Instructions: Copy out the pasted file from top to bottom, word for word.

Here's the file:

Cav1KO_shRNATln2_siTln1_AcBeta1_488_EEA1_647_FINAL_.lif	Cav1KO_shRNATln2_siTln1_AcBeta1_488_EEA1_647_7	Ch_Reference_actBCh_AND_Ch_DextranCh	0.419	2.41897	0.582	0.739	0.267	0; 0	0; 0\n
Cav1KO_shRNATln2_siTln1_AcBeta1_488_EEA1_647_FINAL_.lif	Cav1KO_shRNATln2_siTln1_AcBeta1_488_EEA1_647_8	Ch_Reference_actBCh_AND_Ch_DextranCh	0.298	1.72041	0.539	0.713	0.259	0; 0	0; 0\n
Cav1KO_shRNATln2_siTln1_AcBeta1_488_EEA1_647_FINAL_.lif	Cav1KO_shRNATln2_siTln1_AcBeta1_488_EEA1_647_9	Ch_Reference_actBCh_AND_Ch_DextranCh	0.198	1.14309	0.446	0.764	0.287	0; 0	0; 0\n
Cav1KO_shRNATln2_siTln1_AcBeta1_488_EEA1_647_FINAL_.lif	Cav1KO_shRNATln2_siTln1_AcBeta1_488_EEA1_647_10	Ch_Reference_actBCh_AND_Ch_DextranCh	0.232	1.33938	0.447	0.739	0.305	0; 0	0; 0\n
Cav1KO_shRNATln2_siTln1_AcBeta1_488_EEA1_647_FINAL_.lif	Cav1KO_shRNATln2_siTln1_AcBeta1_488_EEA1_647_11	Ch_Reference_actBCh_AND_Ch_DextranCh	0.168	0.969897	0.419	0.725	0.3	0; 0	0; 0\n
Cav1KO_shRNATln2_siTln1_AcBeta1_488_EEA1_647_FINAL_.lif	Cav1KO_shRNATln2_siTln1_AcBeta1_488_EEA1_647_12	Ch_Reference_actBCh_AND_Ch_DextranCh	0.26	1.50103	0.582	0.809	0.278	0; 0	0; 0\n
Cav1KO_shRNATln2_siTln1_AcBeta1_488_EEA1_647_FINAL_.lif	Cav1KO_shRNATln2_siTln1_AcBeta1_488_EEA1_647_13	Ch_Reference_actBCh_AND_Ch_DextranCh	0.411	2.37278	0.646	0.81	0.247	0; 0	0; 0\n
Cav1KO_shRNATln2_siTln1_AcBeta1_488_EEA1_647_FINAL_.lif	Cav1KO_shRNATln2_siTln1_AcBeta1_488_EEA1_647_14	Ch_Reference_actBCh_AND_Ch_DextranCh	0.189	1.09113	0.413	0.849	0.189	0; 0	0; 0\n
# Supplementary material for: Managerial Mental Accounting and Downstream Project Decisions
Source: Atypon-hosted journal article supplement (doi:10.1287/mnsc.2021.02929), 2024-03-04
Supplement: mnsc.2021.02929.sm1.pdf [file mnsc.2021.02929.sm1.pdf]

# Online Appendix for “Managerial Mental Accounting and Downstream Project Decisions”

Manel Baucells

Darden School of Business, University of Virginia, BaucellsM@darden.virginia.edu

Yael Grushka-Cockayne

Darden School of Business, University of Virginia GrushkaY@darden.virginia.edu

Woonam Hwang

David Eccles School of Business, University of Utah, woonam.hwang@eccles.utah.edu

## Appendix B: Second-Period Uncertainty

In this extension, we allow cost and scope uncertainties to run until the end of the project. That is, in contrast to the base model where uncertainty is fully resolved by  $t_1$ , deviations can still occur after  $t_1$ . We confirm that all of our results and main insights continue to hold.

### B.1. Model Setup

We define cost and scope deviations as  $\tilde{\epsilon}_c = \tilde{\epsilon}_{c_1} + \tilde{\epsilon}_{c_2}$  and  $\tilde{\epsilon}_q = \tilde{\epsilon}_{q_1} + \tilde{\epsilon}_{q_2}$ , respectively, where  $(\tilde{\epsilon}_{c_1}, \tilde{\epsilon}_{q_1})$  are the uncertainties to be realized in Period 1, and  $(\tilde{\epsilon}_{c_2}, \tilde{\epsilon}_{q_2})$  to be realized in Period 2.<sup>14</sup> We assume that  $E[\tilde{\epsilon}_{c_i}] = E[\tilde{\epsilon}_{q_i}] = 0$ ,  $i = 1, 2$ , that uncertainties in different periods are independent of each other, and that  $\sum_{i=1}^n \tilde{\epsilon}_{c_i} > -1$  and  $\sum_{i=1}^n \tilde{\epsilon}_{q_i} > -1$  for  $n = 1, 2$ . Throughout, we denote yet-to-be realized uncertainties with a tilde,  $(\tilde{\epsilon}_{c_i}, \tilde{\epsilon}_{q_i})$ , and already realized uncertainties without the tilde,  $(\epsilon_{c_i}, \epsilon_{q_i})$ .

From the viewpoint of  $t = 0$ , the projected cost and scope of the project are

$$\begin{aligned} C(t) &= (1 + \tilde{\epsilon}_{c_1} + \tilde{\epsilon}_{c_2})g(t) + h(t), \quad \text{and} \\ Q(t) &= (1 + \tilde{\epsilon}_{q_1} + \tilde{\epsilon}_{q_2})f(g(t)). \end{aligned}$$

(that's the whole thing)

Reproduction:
Cav1KO_shRNATln2_siTln1_AcBeta1_488_EEA1_647_FINAL_.lif	Cav1KO_shRNATln2_siTln1_AcBeta1_488_EEA1_647_7	Ch_Reference_actBCh_AND_Ch_DextranCh	0.419	2.41897	0.582	0.739	0.267	0; 0	0; 0\n
Cav1KO_shRNATln2_siTln1_AcBeta1_488_EEA1_647_FINAL_.lif	Cav1KO_shRNATln2_siTln1_AcBeta1_488_EEA1_647_8	Ch_Reference_actBCh_AND_Ch_DextranCh	0.298	1.72041	0.539	0.713	0.259	0; 0	0; 0\n
Cav1KO_shRNATln2_siTln1_AcBeta1_488_EEA1_647_FINAL_.lif	Cav1KO_shRNATln2_siTln1_AcBeta1_488_EEA1_647_9	Ch_Reference_actBCh_AND_Ch_DextranCh	0.198	1.14309	0.446	0.764	0.287	0; 0	0; 0\n
Cav1KO_shRNATln2_siTln1_AcBeta1_488_EEA1_647_FINAL_.lif	Cav1KO_shRNATln2_siTln1_AcBeta1_488_EEA1_647_10	Ch_Reference_actBCh_AND_Ch_DextranCh	0.232	1.33938	0.447	0.739	0.305	0; 0	0; 0\n
Cav1KO_shRNATln2_siTln1_AcBeta1_488_EEA1_647_FINAL_.lif	Cav1KO_shRNATln2_siTln1_AcBeta1_488_EEA1_647_11	Ch_Reference_actBCh_AND_Ch_DextranCh	0.168	0.969897	0.419	0.725	0.3	0; 0	0; 0\n
Cav1KO_shRNATln2_siTln1_AcBeta1_488_EEA1_647_FINAL_.lif	Cav1KO_shRNATln2_siTln1_AcBeta1_488_EEA1_647_12	Ch_Reference_actBCh_AND_Ch_DextranCh	0.26	1.50103	0.582	0.809	0.278	0; 0	0; 0\n
Cav1KO_shRNATln2_siTln1_AcBeta1_488_EEA1_647_FINAL_.lif	Cav1KO_shRNATln2_siTln1_AcBeta1_488_EEA1_647_13	Ch_Reference_actBCh_AND_Ch_DextranCh	0.411	2.37278	0.646	0.81	0.247	0; 0	0; 0\n
Cav1KO_shRNATln2_siTln1_AcBeta1_488_EEA1_647_FINAL_.lif	Cav1KO_shRNATln2_siTln1_AcBeta1_488_EEA1_647_14	Ch_Reference_actBCh_AND_Ch_DextranCh	0.189	1.09113	0.413	0.849	0.189	0; 0	0; 0\n
# Supplementary material for: Managerial Mental Accounting and Downstream Project Decisions
Source: Atypon-hosted journal article supplement (doi:10.1287/mnsc.2021.02929), 2024-03-04
Supplement: mnsc.2021.02929.sm1.pdf [file mnsc.2021.02929.sm1.pdf]

# Online Appendix for “Managerial Mental Accounting and Downstream Project Decisions”

Manel Baucells

Darden School of Business, University of Virginia, BaucellsM@darden.virginia.edu

Yael Grushka-Cockayne

Darden School of Business, University of Virginia GrushkaY@darden.virginia.edu

Woonam Hwang

David Eccles School of Business, University of Utah, woonam.hwang@eccles.utah.edu

## Appendix B: Second-Period Uncertainty

In this extension, we allow cost and scope uncertainties to run until the end of the project. That is, in contrast to the base model where uncertainty is fully resolved by  $t_1$ , deviations can still occur after  $t_1$ . We confirm that all of our results and main insights continue to hold.

### B.1. Model Setup

We define cost and scope deviations as  $\tilde{\epsilon}_c = \tilde{\epsilon}_{c_1} + \tilde{\epsilon}_{c_2}$  and  $\tilde{\epsilon}_q = \tilde{\epsilon}_{q_1} + \tilde{\epsilon}_{q_2}$ , respectively, where  $(\tilde{\epsilon}_{c_1}, \tilde{\epsilon}_{q_1})$  are the uncertainties to be realized in Period 1, and  $(\tilde{\epsilon}_{c_2}, \tilde{\epsilon}_{q_2})$  to be realized in Period 2.<sup>14</sup> We assume that  $E[\tilde{\epsilon}_{c_i}] = E[\tilde{\epsilon}_{q_i}] = 0$ ,  $i = 1, 2$ , that uncertainties in different periods are independent of each other, and that  $\sum_{i=1}^n \tilde{\epsilon}_{c_i} > -1$  and  $\sum_{i=1}^n \tilde{\epsilon}_{q_i} > -1$  for  $n = 1, 2$ . Throughout, we denote yet-to-be realized uncertainties with a tilde,  $(\tilde{\epsilon}_{c_i}, \tilde{\epsilon}_{q_i})$ , and already realized uncertainties without the tilde,  $(\epsilon_{c_i}, \epsilon_{q_i})$ .

From the viewpoint of  $t = 0$ , the projected cost and scope of the project are

$$\begin{aligned} C(t) &= (1 + \tilde{\epsilon}_{c_1} + \tilde{\epsilon}_{c_2})g(t) + h(t), \quad \text{and} \\ Q(t) &= (1 + \tilde{\epsilon}_{q_1} + \tilde{\epsilon}_{q_2})f(g(t)). \end{aligned}$$